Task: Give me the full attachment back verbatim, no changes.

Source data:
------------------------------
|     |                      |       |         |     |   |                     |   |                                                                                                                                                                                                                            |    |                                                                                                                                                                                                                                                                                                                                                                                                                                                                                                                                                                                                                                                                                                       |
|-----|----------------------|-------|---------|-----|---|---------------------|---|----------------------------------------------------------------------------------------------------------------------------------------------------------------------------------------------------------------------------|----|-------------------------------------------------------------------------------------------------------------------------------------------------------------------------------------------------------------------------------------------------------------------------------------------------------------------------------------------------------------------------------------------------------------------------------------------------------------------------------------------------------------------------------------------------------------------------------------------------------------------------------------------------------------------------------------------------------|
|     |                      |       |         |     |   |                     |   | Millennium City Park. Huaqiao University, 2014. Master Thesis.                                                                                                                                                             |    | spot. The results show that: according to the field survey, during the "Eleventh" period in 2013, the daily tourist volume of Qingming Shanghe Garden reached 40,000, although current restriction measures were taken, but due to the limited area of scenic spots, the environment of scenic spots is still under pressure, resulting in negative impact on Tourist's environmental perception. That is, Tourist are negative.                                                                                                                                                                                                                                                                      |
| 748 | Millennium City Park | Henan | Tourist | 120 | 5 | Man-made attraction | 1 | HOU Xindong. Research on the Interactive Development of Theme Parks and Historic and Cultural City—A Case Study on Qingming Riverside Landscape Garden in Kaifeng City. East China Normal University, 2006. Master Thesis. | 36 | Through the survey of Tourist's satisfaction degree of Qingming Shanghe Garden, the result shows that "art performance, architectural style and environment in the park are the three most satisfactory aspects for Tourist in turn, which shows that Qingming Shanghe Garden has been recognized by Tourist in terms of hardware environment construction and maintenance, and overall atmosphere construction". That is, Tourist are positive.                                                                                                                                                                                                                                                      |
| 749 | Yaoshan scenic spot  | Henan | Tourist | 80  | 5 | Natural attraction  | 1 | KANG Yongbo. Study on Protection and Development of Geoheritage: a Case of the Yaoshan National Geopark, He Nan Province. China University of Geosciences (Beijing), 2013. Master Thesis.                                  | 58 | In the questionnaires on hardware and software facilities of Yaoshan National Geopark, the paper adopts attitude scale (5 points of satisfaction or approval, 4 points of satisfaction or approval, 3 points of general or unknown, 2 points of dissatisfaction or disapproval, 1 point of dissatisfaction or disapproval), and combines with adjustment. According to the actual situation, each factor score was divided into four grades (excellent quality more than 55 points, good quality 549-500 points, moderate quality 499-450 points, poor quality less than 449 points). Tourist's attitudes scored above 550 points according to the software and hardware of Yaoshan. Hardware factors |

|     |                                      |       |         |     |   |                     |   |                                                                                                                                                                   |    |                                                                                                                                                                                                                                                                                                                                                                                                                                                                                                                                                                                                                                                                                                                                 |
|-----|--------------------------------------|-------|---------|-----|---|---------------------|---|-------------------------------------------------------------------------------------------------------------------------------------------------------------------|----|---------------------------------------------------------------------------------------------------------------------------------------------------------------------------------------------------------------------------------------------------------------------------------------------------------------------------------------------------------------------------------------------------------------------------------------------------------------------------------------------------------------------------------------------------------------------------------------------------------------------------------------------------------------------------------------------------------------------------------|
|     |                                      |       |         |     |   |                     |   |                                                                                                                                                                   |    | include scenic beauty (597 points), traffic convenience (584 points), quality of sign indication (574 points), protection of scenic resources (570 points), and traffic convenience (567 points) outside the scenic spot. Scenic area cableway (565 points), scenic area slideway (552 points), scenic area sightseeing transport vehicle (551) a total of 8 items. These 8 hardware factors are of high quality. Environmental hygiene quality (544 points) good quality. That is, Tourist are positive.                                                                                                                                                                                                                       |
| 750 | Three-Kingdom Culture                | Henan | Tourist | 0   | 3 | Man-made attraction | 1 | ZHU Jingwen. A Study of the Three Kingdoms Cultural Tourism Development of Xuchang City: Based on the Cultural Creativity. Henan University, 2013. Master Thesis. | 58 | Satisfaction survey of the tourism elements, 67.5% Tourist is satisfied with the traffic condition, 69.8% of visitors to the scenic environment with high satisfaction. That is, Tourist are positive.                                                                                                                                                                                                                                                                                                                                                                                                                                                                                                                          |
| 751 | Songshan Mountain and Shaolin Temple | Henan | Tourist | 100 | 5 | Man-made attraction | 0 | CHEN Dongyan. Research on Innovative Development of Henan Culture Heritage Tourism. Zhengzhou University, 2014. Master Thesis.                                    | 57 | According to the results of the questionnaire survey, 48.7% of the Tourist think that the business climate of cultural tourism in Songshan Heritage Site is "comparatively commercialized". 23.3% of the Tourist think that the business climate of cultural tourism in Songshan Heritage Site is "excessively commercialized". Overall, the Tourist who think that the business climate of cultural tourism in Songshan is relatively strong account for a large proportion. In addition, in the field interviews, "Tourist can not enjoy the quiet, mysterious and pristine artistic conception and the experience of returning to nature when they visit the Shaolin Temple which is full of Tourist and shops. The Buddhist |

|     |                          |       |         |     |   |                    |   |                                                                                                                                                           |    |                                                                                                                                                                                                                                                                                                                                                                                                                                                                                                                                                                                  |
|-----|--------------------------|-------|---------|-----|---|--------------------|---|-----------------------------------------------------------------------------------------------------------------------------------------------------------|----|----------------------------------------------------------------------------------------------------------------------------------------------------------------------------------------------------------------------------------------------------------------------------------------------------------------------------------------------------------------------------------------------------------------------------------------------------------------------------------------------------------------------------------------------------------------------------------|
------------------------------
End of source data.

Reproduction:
|     |                      |       |         |     |   |                     |   |                                                                                                                                                                                                                            |    |                                                                                                                                                                                                                                                                                                                                                                                                                                                                                                                                                                                                                                                                                                       |
|-----|----------------------|-------|---------|-----|---|---------------------|---|----------------------------------------------------------------------------------------------------------------------------------------------------------------------------------------------------------------------------|----|-------------------------------------------------------------------------------------------------------------------------------------------------------------------------------------------------------------------------------------------------------------------------------------------------------------------------------------------------------------------------------------------------------------------------------------------------------------------------------------------------------------------------------------------------------------------------------------------------------------------------------------------------------------------------------------------------------|
|     |                      |       |         |     |   |                     |   | Millennium City Park. Huaqiao University, 2014. Master Thesis.                                                                                                                                                             |    | spot. The results show that: according to the field survey, during the "Eleventh" period in 2013, the daily tourist volume of Qingming Shanghe Garden reached 40,000, although current restriction measures were taken, but due to the limited area of scenic spots, the environment of scenic spots is still under pressure, resulting in negative impact on Tourist's environmental perception. That is, Tourist are negative.                                                                                                                                                                                                                                                                      |
| 748 | Millennium City Park | Henan | Tourist | 120 | 5 | Man-made attraction | 1 | HOU Xindong. Research on the Interactive Development of Theme Parks and Historic and Cultural City—A Case Study on Qingming Riverside Landscape Garden in Kaifeng City. East China Normal University, 2006. Master Thesis. | 36 | Through the survey of Tourist's satisfaction degree of Qingming Shanghe Garden, the result shows that "art performance, architectural style and environment in the park are the three most satisfactory aspects for Tourist in turn, which shows that Qingming Shanghe Garden has been recognized by Tourist in terms of hardware environment construction and maintenance, and overall atmosphere construction". That is, Tourist are positive.                                                                                                                                                                                                                                                      |
| 749 | Yaoshan scenic spot  | Henan | Tourist | 80  | 5 | Natural attraction  | 1 | KANG Yongbo. Study on Protection and Development of Geoheritage: a Case of the Yaoshan National Geopark, He Nan Province. China University of Geosciences (Beijing), 2013. Master Thesis.                                  | 58 | In the questionnaires on hardware and software facilities of Yaoshan National Geopark, the paper adopts attitude scale (5 points of satisfaction or approval, 4 points of satisfaction or approval, 3 points of general or unknown, 2 points of dissatisfaction or disapproval, 1 point of dissatisfaction or disapproval), and combines with adjustment. According to the actual situation, each factor score was divided into four grades (excellent quality more than 55 points, good quality 549-500 points, moderate quality 499-450 points, poor quality less than 449 points). Tourist's attitudes scored above 550 points according to the software and hardware of Yaoshan. Hardware factors |

|     |                                      |       |         |     |   |                     |   |                                                                                                                                                                   |    |                                                                                                                                                                                                                                                                                                                                                                                                                                                                                                                                                                                                                                                                                                                                 |
|-----|--------------------------------------|-------|---------|-----|---|---------------------|---|-------------------------------------------------------------------------------------------------------------------------------------------------------------------|----|---------------------------------------------------------------------------------------------------------------------------------------------------------------------------------------------------------------------------------------------------------------------------------------------------------------------------------------------------------------------------------------------------------------------------------------------------------------------------------------------------------------------------------------------------------------------------------------------------------------------------------------------------------------------------------------------------------------------------------|
|     |                                      |       |         |     |   |                     |   |                                                                                                                                                                   |    | include scenic beauty (597 points), traffic convenience (584 points), quality of sign indication (574 points), protection of scenic resources (570 points), and traffic convenience (567 points) outside the scenic spot. Scenic area cableway (565 points), scenic area slideway (552 points), scenic area sightseeing transport vehicle (551) a total of 8 items. These 8 hardware factors are of high quality. Environmental hygiene quality (544 points) good quality. That is, Tourist are positive.                                                                                                                                                                                                                       |
| 750 | Three-Kingdom Culture                | Henan | Tourist | 0   | 3 | Man-made attraction | 1 | ZHU Jingwen. A Study of the Three Kingdoms Cultural Tourism Development of Xuchang City: Based on the Cultural Creativity. Henan University, 2013. Master Thesis. | 58 | Satisfaction survey of the tourism elements, 67.5% Tourist is satisfied with the traffic condition, 69.8% of visitors to the scenic environment with high satisfaction. That is, Tourist are positive.                                                                                                                                                                                                                                                                                                                                                                                                                                                                                                                          |
| 751 | Songshan Mountain and Shaolin Temple | Henan | Tourist | 100 | 5 | Man-made attraction | 0 | CHEN Dongyan. Research on Innovative Development of Henan Culture Heritage Tourism. Zhengzhou University, 2014. Master Thesis.                                    | 57 | According to the results of the questionnaire survey, 48.7% of the Tourist think that the business climate of cultural tourism in Songshan Heritage Site is "comparatively commercialized". 23.3% of the Tourist think that the business climate of cultural tourism in Songshan Heritage Site is "excessively commercialized". Overall, the Tourist who think that the business climate of cultural tourism in Songshan is relatively strong account for a large proportion. In addition, in the field interviews, "Tourist can not enjoy the quiet, mysterious and pristine artistic conception and the experience of returning to nature when they visit the Shaolin Temple which is full of Tourist and shops. The Buddhist |

|     |                          |       |         |     |   |                    |   |                                                                                                                                                           |    |                                                                                                                                                                                                                                                                                                                                                                                                                                                                                                                                                                                  |
|-----|--------------------------|-------|---------|-----|---|--------------------|---|-----------------------------------------------------------------------------------------------------------------------------------------------------------|----|----------------------------------------------------------------------------------------------------------------------------------------------------------------------------------------------------------------------------------------------------------------------------------------------------------------------------------------------------------------------------------------------------------------------------------------------------------------------------------------------------------------------------------------------------------------------------------|